Other variables contribute not only to increased accidents, but also to increased injuries such as lack of use of safety measures. For example, a study in Kenya found that only 26% of persons injured in crashes were wearing seat belts. In developing countries more than half of adult motorized two-wheeler drivers do not wear helmets properly (if at all), and child passengers rarely wear helmets. For the traveler, this translates into lack of availability of helmets, but even when helmets are available, into discomfort in acting differently from the local population. The rapid increase in the number of motorcycles (about 10% each year) in Viet Nam has contributed to traffic accidents. Almost half of the motorcycle drivers there are unlicensed, and an estimated 75% do not follow any road laws, which are difficult to enforce. A study from Bermuda reported that tourists sustain a much higher rate of motorbike injuries than the local population, with the highest rate in persons age 50 - 59 (126,7 per 1.000). Loss of vehicular control, unfamiliar equipment and inexperience with motorized two-wheelers contributed to accidents and injuries, even when traveling at speed <30mph. In addition, age 65 or higher has been suggested as an independent risk factor for motor vehicle injuries, especially if the driver has a chronic illness or a hearing impairment.

By far the most important risk factor for road traffic injuries is the presence of alcohol in the blood of a driver or a pedestrian who is injured. Studies show that 20% - 70% of fatally injured drivers have blood alcohol levels higher than legal limits. As well, travelers may have a more carefree attitude while away from home that predisposes to driving under the influence of alcohol. An alcohol-impaired driver has a 17 times greater risk of being involved in a fatal crash.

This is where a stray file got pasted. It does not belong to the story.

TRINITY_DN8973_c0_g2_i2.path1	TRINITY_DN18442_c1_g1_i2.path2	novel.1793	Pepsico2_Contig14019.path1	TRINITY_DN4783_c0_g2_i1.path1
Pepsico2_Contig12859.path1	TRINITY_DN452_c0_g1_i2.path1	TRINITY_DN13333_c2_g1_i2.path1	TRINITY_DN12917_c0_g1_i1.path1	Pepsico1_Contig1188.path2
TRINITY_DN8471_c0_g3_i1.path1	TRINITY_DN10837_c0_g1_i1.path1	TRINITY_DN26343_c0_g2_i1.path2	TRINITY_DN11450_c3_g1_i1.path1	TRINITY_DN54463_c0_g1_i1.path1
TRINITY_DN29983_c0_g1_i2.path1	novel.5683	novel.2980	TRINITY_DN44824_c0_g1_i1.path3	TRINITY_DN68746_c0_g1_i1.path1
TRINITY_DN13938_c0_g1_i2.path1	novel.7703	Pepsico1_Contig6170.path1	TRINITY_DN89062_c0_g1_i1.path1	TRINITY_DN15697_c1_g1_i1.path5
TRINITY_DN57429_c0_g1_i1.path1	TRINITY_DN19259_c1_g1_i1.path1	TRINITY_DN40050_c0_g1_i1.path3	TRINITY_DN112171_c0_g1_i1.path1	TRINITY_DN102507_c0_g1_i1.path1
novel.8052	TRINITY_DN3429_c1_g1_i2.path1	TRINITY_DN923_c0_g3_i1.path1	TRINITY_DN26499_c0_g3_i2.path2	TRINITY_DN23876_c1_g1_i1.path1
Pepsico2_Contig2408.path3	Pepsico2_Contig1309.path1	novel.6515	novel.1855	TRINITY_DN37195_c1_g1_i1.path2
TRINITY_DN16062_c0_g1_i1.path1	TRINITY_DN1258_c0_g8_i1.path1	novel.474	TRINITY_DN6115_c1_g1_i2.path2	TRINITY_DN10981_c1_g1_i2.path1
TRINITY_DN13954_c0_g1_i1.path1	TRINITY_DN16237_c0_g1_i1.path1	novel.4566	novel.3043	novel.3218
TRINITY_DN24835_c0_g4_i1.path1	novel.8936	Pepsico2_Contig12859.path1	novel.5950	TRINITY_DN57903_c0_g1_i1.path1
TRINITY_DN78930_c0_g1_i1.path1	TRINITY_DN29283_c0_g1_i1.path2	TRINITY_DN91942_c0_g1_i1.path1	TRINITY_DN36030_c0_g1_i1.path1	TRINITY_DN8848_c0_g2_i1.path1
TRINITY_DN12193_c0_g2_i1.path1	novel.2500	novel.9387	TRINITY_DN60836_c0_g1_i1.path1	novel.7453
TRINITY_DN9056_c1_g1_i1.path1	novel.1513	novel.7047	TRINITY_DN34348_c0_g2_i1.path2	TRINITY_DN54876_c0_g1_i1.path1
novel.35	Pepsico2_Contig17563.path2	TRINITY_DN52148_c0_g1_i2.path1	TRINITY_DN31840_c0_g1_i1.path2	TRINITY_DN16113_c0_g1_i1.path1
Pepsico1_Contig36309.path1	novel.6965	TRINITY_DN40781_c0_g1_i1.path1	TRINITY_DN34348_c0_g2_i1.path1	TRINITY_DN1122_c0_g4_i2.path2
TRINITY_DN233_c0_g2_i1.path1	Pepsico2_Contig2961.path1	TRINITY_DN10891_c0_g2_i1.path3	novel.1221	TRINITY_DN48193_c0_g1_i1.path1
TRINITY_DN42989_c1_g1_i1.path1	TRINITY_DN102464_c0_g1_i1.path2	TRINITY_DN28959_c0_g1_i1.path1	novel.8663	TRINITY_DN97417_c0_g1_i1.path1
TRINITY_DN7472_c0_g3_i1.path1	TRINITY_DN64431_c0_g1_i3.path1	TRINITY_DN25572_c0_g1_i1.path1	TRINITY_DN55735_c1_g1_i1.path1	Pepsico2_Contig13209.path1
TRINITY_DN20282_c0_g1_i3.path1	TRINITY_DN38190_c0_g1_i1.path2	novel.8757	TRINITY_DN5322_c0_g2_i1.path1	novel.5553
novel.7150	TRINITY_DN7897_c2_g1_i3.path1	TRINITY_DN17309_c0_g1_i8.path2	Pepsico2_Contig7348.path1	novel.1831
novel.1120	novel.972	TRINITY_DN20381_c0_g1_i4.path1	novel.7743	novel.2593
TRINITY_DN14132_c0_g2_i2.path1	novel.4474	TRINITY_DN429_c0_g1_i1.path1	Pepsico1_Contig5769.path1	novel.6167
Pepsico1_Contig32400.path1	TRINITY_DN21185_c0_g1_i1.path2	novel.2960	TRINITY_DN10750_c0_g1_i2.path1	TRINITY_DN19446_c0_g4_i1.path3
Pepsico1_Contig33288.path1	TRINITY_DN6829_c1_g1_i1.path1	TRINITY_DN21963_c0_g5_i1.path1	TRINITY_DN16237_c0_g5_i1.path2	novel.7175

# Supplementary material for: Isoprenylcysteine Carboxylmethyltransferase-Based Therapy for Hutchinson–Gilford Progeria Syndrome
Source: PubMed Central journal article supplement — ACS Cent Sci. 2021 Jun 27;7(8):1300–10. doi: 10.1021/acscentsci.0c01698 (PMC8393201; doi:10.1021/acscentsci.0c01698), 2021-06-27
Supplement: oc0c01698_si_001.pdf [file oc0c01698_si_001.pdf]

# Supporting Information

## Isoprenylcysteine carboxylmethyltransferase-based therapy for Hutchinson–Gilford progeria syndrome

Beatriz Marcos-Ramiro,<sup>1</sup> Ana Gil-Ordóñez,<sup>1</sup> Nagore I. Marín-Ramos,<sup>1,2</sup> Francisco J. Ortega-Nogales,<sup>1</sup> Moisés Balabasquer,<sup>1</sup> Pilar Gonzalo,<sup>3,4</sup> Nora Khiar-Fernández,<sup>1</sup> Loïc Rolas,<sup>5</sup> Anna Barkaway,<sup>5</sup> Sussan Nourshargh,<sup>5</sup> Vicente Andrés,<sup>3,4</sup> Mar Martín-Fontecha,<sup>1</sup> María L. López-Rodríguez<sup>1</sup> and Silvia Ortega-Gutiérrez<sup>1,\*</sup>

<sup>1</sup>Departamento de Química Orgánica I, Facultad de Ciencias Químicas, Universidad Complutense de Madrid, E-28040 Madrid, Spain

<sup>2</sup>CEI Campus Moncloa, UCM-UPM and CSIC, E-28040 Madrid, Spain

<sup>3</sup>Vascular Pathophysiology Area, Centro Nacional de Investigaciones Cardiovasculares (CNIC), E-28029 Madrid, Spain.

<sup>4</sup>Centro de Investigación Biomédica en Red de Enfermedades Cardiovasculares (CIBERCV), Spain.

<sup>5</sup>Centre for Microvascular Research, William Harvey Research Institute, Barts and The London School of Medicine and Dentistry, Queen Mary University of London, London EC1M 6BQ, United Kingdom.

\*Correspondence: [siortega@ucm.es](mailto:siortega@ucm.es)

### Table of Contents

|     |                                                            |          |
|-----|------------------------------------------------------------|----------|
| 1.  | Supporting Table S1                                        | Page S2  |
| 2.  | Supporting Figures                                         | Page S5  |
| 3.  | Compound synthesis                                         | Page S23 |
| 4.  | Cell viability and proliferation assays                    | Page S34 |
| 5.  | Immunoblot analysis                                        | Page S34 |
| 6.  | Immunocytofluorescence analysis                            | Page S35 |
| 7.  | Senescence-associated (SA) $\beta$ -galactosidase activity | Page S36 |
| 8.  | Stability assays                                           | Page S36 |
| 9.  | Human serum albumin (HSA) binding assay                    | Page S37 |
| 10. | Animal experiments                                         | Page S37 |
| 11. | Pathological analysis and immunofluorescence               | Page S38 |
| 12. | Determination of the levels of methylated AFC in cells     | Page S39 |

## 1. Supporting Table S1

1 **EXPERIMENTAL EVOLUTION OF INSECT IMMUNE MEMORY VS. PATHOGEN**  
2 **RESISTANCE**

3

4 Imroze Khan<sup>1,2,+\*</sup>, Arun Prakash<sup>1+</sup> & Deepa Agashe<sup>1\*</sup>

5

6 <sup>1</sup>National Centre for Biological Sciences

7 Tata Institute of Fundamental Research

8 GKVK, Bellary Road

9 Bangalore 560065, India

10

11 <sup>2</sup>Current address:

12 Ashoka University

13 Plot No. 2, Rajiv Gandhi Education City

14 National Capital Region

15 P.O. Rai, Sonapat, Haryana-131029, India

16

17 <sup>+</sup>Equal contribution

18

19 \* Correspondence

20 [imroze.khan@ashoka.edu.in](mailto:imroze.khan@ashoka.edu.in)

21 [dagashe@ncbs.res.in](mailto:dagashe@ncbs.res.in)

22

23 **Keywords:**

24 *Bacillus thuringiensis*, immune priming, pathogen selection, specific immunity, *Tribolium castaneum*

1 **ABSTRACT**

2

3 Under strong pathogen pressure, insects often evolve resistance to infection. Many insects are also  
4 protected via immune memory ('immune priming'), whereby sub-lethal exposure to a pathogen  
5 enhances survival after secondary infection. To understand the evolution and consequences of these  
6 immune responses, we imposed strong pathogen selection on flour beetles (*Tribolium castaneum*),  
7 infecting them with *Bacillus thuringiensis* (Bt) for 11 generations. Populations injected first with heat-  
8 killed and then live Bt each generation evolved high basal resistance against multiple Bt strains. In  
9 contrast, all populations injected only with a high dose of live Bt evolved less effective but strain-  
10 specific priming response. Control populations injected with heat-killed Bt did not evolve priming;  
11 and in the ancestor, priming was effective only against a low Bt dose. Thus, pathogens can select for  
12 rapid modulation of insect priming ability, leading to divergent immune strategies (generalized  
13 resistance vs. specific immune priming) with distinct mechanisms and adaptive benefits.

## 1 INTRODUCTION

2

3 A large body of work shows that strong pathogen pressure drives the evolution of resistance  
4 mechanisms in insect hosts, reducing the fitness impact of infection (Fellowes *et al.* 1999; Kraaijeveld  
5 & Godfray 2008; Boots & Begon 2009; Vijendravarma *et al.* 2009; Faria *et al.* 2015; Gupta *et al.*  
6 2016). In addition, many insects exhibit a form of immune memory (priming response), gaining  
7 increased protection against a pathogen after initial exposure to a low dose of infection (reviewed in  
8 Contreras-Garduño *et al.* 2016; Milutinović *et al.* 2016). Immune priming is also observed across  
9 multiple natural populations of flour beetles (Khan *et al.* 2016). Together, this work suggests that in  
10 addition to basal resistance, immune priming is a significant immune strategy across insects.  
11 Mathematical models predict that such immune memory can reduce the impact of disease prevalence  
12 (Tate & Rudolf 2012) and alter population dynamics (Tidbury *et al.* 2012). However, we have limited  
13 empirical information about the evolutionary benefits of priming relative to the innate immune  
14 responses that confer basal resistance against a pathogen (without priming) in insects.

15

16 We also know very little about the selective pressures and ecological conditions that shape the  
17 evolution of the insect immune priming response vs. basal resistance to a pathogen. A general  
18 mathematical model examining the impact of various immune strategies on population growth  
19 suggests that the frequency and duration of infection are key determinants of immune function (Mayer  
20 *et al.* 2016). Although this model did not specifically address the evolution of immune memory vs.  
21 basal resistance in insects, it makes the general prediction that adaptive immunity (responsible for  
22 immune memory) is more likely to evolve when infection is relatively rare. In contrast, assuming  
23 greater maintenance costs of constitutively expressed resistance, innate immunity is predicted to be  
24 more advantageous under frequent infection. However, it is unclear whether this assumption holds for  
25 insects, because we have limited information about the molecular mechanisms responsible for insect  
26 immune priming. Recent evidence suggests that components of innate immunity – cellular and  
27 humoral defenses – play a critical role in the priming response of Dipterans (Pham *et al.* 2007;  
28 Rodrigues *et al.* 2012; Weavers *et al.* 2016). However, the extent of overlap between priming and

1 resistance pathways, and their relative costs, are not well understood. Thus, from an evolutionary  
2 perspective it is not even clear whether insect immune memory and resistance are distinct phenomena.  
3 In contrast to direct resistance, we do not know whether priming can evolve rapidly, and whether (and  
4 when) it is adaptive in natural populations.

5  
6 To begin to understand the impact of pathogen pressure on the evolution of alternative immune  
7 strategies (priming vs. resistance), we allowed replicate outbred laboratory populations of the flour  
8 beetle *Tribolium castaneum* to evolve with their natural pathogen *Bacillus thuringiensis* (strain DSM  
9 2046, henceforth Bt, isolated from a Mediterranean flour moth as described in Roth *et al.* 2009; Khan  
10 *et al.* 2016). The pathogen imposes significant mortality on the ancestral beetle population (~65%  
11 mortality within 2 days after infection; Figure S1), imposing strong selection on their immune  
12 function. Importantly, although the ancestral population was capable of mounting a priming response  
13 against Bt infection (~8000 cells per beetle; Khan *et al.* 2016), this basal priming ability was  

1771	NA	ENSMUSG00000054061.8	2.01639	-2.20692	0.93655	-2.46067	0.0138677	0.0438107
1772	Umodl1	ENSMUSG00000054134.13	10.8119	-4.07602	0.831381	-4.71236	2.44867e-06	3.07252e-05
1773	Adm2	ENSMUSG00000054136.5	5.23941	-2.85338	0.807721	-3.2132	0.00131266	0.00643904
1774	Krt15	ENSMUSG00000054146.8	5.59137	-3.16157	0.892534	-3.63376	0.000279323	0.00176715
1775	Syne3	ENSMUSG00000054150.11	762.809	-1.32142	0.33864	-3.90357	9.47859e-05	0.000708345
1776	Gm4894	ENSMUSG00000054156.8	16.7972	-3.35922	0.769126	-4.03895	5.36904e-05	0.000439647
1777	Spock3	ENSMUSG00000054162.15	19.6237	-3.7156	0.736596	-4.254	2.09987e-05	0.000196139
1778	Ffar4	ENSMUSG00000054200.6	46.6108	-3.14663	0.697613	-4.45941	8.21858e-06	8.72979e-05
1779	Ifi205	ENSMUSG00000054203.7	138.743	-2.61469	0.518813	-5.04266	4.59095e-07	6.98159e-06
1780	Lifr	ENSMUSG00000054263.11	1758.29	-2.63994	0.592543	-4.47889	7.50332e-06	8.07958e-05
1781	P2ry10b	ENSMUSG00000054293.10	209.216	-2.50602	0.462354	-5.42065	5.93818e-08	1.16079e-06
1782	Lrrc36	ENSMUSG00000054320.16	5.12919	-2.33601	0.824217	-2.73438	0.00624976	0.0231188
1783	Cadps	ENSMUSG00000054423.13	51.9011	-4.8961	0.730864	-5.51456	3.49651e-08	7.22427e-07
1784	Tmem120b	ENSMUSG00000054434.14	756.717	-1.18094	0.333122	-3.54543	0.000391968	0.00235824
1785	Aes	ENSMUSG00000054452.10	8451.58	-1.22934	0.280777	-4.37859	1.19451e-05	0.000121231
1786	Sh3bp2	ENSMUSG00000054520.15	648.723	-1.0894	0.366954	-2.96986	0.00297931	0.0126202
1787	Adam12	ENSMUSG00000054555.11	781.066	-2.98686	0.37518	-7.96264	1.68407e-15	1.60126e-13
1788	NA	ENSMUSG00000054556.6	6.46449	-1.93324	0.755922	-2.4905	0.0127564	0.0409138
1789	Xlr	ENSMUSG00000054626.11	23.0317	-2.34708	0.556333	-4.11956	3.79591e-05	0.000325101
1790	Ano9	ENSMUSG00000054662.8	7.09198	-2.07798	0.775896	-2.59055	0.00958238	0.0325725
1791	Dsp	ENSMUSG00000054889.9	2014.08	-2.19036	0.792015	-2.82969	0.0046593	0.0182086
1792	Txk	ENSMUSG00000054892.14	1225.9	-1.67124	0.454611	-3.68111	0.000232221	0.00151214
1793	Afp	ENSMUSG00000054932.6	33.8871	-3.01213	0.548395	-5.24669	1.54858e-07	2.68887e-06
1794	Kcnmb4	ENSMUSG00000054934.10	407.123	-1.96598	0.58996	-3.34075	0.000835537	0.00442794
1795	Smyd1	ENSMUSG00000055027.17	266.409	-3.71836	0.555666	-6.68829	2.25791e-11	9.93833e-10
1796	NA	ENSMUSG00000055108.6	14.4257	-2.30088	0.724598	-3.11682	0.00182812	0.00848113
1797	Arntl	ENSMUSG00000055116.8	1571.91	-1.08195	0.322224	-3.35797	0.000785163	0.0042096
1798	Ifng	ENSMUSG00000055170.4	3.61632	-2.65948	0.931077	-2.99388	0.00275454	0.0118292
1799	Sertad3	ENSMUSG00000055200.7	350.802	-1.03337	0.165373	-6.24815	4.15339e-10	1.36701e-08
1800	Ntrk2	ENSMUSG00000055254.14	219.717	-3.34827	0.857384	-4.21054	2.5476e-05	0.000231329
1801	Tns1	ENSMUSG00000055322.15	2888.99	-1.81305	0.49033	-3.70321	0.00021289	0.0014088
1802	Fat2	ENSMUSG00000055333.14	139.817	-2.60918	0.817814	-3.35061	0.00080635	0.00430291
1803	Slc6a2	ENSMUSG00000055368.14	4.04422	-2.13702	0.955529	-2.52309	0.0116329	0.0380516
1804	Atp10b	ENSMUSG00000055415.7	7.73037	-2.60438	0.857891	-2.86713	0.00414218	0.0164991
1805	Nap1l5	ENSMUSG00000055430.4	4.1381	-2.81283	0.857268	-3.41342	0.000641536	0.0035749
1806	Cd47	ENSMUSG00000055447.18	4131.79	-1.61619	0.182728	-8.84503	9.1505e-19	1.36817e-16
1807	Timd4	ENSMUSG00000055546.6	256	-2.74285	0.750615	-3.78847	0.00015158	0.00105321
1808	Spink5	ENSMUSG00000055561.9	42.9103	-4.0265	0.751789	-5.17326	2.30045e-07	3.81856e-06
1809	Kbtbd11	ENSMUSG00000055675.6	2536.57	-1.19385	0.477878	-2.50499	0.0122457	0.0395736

Other unintentional injuries
Falls and burns are important causes of injuries in travelers. Falls from stairs, jumping or climbing accidents, and falls from trees (most frequently coconut and mango) are reported. Burns may occur with vehicular accidents but are more likely due to careless use of small kerosene stoves and candles. When visiting or living in rural destinations, particularly in developing countries, injures from burns, animal and older farming equipment used without protection may occur.

Travel by local commercial air carriers in many countries carries a far greater risk than appreciated. Pilots may not be as well trained and mechanical maintenance may not be regulated as well as it is in Europe. Travel on unscheduled flights and in small aircraft has the highest risk.

Poisoning in travelers can occur in several settings. Persons traveling with children should carry antimalarial medication in child-proof containers; similarly, when planning for housing in developing areas, risks such as exposed wires and lead paint should be considered.

Injuries account for a substantial proportion of evacuation of tourists from developing countries.